NBC News reports: With electronics becoming ever harder to fix because of design and legal restrictions, a loose coalition of repair professionals and environmentalists is putting the screws to manufacturers that they claim are fattening their bottom lines by deliberately engineering disposability into their products.

Loosely known as the “right to repair” movement, its advocates say the ability to tinker with products you own is a basic property right and necessary to create a healthy sustainable market. Many efforts by manufacturers to block repairs, they maintain, are intended to force consumers to buy new products or expensive warranties — not protect their intellectual property.

“We’ve been getting picked at little by little over 20 years,” Gay Gordon-Byrne, the founder and director of the Repair Association, said of the erosion of repairability in a host of consumer products, especially electronics.

The Repair Association — a coalition of service, security and environmental organizations founded in 2013 — is fighting restrictive repair policies and legal protections that prevent non-authorized repairs on many products that contain software — a quickly growing class of objects known as the “Internet of Things” if they also connect to the web. [Continue reading…]

Facebooktwittermail

Just 90 companies are to blame for most climate change, this ‘carbon accountant’ says

Science reports: Last month, geographer Richard Heede received a subpoena from Representative Lamar Smith (R-TX), chairman of the House of Representatives Committee on Science, Space, and Technology. Smith, a climate change doubter, became concerned when the attorneys general of several states launched investigations into whether ExxonMobil had committed fraud by sowing doubts about climate change even as its own scientists knew it was taking place. The congressman suspected a conspiracy between the attorneys general and environmental advocates, and he wanted to see all the communications among them. Predictably, his targets included advocacy organizations such as Greenpeace, 350.org, and the Union of Concerned Scientists. They also included Heede, who works on his own aboard a rented houseboat on San Francisco Bay in California.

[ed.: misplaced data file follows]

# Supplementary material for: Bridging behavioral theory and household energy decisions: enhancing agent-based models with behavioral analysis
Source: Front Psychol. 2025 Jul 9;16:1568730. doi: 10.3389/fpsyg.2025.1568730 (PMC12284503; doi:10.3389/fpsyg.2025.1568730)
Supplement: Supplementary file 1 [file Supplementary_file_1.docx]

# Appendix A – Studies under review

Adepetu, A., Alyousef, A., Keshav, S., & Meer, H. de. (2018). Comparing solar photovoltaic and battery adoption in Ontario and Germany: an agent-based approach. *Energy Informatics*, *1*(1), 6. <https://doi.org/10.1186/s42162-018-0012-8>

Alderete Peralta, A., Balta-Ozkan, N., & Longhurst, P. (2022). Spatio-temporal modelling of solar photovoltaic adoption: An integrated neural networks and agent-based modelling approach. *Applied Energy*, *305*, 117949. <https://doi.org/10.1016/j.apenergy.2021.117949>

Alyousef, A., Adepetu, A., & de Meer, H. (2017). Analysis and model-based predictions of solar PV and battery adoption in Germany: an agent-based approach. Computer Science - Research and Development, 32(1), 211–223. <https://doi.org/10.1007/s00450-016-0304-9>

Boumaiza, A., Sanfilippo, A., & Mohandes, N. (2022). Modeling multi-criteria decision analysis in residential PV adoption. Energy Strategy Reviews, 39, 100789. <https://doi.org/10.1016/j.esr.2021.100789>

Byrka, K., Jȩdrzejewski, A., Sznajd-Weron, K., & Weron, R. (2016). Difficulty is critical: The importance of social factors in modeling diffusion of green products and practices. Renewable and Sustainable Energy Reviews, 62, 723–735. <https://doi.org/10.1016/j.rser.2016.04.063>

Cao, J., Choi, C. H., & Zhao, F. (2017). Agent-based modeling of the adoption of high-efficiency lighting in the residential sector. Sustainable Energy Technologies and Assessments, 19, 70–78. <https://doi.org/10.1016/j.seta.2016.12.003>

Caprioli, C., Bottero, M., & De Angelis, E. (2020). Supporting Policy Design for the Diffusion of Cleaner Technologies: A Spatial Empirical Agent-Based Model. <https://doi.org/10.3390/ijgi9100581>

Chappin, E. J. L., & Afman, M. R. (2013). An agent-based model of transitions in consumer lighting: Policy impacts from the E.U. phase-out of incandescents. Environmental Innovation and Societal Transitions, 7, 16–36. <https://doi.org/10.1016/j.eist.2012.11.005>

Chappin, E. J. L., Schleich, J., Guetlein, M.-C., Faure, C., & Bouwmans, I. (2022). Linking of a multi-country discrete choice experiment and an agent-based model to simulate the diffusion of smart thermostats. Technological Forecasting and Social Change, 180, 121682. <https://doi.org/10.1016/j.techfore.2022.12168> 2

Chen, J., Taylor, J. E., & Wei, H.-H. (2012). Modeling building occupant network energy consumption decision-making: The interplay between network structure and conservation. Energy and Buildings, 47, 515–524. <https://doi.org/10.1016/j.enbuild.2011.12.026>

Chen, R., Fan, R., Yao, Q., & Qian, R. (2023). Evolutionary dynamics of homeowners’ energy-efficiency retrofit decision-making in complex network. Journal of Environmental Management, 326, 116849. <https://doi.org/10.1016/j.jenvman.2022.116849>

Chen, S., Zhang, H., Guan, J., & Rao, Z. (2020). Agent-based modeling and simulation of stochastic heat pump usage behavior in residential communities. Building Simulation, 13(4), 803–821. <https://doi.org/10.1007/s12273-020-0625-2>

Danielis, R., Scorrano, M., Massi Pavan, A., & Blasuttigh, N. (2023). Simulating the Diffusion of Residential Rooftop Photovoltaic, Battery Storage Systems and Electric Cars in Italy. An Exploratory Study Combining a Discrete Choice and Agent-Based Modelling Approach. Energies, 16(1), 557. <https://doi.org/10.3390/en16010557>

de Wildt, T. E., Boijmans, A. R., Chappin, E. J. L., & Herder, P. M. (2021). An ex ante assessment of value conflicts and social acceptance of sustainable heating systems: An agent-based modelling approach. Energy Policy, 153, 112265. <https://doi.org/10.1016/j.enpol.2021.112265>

Heede is less well known than his fellow recipients, but his work is no less threatening to the fossil fuel industry. Heede (pronounced “Heedie”) has compiled a massive database quantifying who has been responsible for taking carbon out of the ground and putting it into the atmosphere. Working alone, with uncertain funding, he spent years piecing together the annual production of every major fossil fuel company since the Industrial Revolution and converting it to carbon emissions.

Heede’s research shows that nearly two-thirds of anthropogenic carbon emissions originated in just 90 companies and government-run industries. Among them, the top eight companies — ranked according to annual and cumulative emissions below — account for 20 percent of world carbon emissions from fossil fuels and cement production since the Industrial Revolution. [Continue reading…]

Facebooktwittermail

Pope Francis: Valuing money more than people ‘is a basic terrorism against all humanity’

Reuters reports: Pope Francis has said it was wrong to identify Islam with violence and that social injustice and idolatry of money were among the prime causes of terrorism.

“I think it is not right to identity Islam with violence,” he told reporters aboard the plane taking him back to Rome after a five-day trip to Poland. “This is not right and this is not true.”

The pope was responding to a question about the killing on 26 July of an 85-year-old Roman Catholic priest during a church service in western France. The attackers forced the priest to his knees and slit his throat. The killing was claimed by Islamic State.

“I think that in nearly all religions there is a always a small fundamentalist group,” he said, adding “We have them,” referring to Catholicism.

“I don’t like to talk about Islamic violence because every day when I look at the papers I see violence here in Italy – someone killing his girlfriend, someone killing his mother-in-law. These are baptised Catholics,” he said.

“If I speak of Islamic violence, I have to speak of Catholic violence. Not all Muslims are violent,” he said.